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The Student News Site of Fresno Christian High School

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Life as a twin: Identity crisis

Some things just come in pairs; like Reese’s peanut butter cups, pop tarts, shoes, gloves and twins.

Michelle and Jennifer Rose, ’08, are the talk of the campus: freshman identical twins. Yet, even though everybody knows them, no one really knows what it is like to be a twin. In fact, most cannot even tell them apart.

“Many people are confused when trying to identify us,” Jennifer said. “That often results in them just giving up. In some cases, teachers have invented seating charts for the whole class; just to tell us apart.”

Born in Redondo Beach, CA, Michelle and Jennifer moved to Fresno a few years after their births. They started attending Fresno Christian their sixth grade year.

“At first, getting used to this campus was difficult,” Michelle said. “But, after awhile, we came to like the school, and now we appreciate what it has to offer.”

Like anything else, being a twin has as both advantages and disadvantages. Having to share a room, receiving the same presents at holidays and both getting into trouble when only one is responsible make life as a twin somewhat less than extraordinary at times.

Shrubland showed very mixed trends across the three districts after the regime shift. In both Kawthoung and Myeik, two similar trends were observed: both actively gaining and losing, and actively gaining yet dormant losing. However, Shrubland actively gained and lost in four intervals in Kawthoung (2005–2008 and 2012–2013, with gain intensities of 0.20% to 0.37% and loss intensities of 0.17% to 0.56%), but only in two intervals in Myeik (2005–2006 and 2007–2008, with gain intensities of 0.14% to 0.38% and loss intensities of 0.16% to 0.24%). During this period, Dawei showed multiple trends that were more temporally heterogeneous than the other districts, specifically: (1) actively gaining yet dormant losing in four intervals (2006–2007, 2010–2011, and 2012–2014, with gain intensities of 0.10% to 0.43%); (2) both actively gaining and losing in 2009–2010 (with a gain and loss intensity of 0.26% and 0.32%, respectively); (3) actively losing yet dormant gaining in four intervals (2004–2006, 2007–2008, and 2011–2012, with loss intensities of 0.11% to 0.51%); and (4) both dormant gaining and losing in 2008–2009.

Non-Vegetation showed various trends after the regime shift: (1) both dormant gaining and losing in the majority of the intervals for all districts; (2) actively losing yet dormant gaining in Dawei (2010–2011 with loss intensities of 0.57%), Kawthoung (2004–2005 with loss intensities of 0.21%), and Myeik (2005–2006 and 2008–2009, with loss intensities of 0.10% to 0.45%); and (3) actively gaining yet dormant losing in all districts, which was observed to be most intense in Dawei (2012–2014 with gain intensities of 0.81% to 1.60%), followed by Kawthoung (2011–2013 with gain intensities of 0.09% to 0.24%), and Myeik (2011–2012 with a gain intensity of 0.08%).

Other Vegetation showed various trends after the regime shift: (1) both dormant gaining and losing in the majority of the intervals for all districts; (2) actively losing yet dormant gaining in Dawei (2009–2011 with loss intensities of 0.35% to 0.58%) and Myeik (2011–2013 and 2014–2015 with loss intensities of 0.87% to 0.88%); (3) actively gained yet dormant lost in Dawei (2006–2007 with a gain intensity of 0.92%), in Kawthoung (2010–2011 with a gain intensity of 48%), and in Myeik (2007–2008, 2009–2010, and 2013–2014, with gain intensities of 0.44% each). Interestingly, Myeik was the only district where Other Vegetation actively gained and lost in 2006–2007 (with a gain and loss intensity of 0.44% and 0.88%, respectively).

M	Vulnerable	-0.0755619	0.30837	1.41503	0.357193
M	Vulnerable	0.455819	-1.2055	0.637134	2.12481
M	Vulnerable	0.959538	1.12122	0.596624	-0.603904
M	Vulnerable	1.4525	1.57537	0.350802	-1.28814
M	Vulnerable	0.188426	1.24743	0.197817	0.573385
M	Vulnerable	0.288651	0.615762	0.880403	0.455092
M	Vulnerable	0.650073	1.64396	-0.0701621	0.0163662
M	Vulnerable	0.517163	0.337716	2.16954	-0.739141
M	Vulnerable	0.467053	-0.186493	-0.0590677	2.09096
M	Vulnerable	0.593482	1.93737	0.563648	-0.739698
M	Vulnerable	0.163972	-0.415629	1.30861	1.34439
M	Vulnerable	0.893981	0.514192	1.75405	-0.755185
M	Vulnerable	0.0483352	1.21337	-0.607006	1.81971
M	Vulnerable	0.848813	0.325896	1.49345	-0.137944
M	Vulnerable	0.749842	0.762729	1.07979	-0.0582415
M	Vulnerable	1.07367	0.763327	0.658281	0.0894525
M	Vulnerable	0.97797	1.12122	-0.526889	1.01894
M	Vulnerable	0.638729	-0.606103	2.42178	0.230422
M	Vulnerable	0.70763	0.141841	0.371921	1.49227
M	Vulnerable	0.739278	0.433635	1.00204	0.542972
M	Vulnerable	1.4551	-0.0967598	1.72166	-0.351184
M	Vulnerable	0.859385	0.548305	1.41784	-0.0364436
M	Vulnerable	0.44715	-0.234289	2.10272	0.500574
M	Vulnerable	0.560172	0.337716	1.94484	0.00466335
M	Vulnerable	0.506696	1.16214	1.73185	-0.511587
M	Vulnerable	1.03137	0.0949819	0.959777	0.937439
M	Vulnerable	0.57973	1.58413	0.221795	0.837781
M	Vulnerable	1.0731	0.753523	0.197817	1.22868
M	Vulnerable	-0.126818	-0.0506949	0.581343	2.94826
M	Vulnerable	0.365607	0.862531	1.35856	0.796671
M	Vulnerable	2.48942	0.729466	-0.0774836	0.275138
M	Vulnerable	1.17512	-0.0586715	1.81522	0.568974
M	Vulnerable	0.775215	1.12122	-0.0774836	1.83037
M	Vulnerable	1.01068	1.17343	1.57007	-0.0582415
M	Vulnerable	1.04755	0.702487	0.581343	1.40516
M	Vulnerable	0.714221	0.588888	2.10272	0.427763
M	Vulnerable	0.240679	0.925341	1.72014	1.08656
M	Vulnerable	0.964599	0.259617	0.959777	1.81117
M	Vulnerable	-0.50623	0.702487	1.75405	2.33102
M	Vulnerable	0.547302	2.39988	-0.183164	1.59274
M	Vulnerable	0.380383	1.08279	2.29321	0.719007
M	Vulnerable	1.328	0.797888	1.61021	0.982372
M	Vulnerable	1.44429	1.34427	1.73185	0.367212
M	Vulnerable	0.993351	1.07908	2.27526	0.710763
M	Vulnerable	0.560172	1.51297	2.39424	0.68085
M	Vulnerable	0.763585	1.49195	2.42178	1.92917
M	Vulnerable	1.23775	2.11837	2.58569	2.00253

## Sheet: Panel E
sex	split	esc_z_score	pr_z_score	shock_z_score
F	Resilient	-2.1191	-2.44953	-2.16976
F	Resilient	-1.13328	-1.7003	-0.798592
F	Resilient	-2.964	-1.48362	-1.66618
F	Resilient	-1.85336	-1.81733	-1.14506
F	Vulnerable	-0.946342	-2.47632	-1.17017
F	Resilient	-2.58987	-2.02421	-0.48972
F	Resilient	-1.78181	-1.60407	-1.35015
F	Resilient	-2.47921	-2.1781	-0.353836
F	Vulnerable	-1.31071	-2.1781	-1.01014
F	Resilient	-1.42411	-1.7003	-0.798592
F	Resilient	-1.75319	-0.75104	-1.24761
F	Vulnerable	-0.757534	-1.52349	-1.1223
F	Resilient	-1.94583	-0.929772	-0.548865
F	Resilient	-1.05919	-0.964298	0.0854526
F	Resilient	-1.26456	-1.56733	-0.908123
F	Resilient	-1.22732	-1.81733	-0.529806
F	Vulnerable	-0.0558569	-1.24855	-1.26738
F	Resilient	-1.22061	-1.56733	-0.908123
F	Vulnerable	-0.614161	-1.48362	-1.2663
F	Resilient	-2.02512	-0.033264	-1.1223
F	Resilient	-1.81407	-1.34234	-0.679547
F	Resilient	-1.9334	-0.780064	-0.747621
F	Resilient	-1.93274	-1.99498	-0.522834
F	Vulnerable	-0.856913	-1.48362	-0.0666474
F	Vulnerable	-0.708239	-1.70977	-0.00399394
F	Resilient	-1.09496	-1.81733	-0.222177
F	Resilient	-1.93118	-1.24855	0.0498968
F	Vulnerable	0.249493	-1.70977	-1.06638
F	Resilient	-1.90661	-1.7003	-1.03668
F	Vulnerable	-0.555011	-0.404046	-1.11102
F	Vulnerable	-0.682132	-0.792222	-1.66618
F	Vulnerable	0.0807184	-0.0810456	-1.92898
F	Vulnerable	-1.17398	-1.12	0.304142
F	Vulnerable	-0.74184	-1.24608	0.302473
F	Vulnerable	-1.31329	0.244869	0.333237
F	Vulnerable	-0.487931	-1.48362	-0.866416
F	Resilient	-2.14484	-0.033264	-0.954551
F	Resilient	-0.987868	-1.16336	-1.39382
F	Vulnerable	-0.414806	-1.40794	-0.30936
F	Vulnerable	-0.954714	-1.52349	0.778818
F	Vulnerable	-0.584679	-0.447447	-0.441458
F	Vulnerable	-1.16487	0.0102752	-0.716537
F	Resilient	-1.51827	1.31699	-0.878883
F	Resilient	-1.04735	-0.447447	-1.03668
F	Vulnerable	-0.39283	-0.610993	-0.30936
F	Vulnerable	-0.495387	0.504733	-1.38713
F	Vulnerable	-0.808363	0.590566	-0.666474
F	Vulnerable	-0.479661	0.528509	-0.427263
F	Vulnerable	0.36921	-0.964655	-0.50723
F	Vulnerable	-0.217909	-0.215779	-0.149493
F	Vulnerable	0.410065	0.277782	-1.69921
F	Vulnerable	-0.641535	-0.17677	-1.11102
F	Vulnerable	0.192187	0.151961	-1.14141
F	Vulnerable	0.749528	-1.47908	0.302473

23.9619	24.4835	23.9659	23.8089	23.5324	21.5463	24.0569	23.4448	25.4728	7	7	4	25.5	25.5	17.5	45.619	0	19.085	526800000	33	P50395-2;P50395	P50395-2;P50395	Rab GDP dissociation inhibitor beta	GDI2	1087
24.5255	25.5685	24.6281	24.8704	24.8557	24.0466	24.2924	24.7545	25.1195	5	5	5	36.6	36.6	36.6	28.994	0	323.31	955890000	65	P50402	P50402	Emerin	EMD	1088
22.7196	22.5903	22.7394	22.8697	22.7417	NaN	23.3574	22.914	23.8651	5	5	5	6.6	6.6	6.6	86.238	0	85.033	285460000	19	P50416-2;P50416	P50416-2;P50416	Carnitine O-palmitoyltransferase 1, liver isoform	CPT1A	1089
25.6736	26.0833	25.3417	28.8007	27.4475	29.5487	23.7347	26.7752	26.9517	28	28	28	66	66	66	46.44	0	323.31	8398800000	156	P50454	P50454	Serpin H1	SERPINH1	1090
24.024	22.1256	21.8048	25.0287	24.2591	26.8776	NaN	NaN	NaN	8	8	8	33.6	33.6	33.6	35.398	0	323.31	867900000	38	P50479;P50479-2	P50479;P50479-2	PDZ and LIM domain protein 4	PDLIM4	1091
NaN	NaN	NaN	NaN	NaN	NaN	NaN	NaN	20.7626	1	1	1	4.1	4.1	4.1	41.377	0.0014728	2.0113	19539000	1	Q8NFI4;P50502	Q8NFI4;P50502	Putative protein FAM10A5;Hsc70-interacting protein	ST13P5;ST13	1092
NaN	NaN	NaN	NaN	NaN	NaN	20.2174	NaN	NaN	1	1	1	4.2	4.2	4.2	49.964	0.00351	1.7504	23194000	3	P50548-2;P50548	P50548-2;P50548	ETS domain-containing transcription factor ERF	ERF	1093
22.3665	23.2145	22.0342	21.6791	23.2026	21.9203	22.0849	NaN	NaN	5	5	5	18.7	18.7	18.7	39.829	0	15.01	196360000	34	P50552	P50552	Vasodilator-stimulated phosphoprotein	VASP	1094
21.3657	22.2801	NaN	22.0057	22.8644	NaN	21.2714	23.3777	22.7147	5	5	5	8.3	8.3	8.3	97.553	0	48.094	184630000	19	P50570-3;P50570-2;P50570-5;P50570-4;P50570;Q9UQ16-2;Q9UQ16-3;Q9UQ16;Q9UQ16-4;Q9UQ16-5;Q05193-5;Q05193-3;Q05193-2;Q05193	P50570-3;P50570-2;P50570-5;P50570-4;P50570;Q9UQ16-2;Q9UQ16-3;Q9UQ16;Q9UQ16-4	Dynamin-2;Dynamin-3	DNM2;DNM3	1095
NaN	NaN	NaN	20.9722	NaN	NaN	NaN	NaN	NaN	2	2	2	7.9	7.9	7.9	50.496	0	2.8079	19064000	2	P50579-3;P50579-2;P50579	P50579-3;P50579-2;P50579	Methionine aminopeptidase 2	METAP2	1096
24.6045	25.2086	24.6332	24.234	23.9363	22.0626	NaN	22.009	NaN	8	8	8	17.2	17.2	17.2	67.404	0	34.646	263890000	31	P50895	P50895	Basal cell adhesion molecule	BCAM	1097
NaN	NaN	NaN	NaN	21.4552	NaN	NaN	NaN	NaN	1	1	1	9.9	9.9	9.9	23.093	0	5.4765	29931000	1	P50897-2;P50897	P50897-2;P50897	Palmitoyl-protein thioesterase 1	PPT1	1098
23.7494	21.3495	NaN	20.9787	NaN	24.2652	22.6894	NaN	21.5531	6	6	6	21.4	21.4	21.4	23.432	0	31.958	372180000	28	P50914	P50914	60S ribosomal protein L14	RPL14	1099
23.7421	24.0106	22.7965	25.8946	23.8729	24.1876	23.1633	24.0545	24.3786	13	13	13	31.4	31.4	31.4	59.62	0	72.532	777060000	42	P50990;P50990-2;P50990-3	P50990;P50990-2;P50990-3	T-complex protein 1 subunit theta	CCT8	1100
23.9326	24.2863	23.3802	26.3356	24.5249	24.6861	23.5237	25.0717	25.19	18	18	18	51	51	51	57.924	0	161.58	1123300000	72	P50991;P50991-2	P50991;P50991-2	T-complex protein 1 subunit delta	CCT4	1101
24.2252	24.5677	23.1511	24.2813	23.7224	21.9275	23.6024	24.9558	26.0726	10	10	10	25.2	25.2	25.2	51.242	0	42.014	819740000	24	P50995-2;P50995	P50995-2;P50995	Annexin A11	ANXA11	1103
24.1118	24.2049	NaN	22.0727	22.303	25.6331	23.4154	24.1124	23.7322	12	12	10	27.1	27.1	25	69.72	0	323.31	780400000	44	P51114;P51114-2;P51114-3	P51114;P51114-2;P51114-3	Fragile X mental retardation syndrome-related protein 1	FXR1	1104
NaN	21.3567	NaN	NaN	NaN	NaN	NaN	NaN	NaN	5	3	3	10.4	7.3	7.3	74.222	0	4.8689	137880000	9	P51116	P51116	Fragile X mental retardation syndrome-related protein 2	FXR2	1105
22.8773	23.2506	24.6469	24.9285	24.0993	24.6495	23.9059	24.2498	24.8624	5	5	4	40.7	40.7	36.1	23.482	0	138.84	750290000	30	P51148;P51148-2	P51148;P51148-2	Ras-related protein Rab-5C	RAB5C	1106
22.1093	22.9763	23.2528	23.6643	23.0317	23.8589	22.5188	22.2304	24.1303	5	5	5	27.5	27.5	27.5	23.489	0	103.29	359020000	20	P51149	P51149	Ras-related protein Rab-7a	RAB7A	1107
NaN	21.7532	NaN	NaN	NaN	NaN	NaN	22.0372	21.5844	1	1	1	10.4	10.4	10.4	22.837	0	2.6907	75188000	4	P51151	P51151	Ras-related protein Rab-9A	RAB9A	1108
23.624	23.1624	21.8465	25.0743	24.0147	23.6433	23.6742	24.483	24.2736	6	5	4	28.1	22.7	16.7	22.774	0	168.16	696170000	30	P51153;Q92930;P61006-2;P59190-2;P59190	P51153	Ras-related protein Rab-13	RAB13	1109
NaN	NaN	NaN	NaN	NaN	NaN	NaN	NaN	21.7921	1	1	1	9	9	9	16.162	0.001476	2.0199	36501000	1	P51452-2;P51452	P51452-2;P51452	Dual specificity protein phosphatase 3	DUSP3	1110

“The worse thing about being a twin is being referred to as twin, as if we are one person,” Michelle said. “But, it is great to have someone in similar activities to be there for you and to do stuff with.”

From a young age, their leisure time was spent outdoors. Michelle and Jennifer are now on the varsity soccer team.

“We played soccer in kindergarten,” Jennifer said. “Ever since then we have been involved in sports; it is horrible to be cooped up in doors.”

In typical high school life things get around campus. This time the rumor mill involves Michelle and Jennifer because they went to the Night of the Stars [NOTS] with Coleton Hutchins, ’08.

“It started one fateful day at soccer practice,” Hutchins said. “We were going about our usual business, stretching and so forth. The coach asked the team who each person was taking to the Night of the Stars.”

Hutchins answered “no one”. Someone jokingly asked why he was not taking the twins; he shrugged it off. After that, they continued to prod and persuade him, until he came to the conclusion that perhaps, it would be fun.

From Michelle and Jennifer’s view, the story is basically the same.

“Similar to what Coleton went through, our teammates said we should go with him because it would be cool,” Michelle said. “We have known him since sixth grade, and he is one of our friends. So we decided ?why not go with him’.”

Life as a twin, with all its ups and downs, will forever be a mystery for most students but for the twins, having a constant counterpart brings security to life.

“Looking back over my past fourteen years of life, I would not change being a twin for anything this world has to offer,” Jennifer said. “My sister is a part of me. Even if only hard times are to come, it will be fine, because I have someone to be beside me.”

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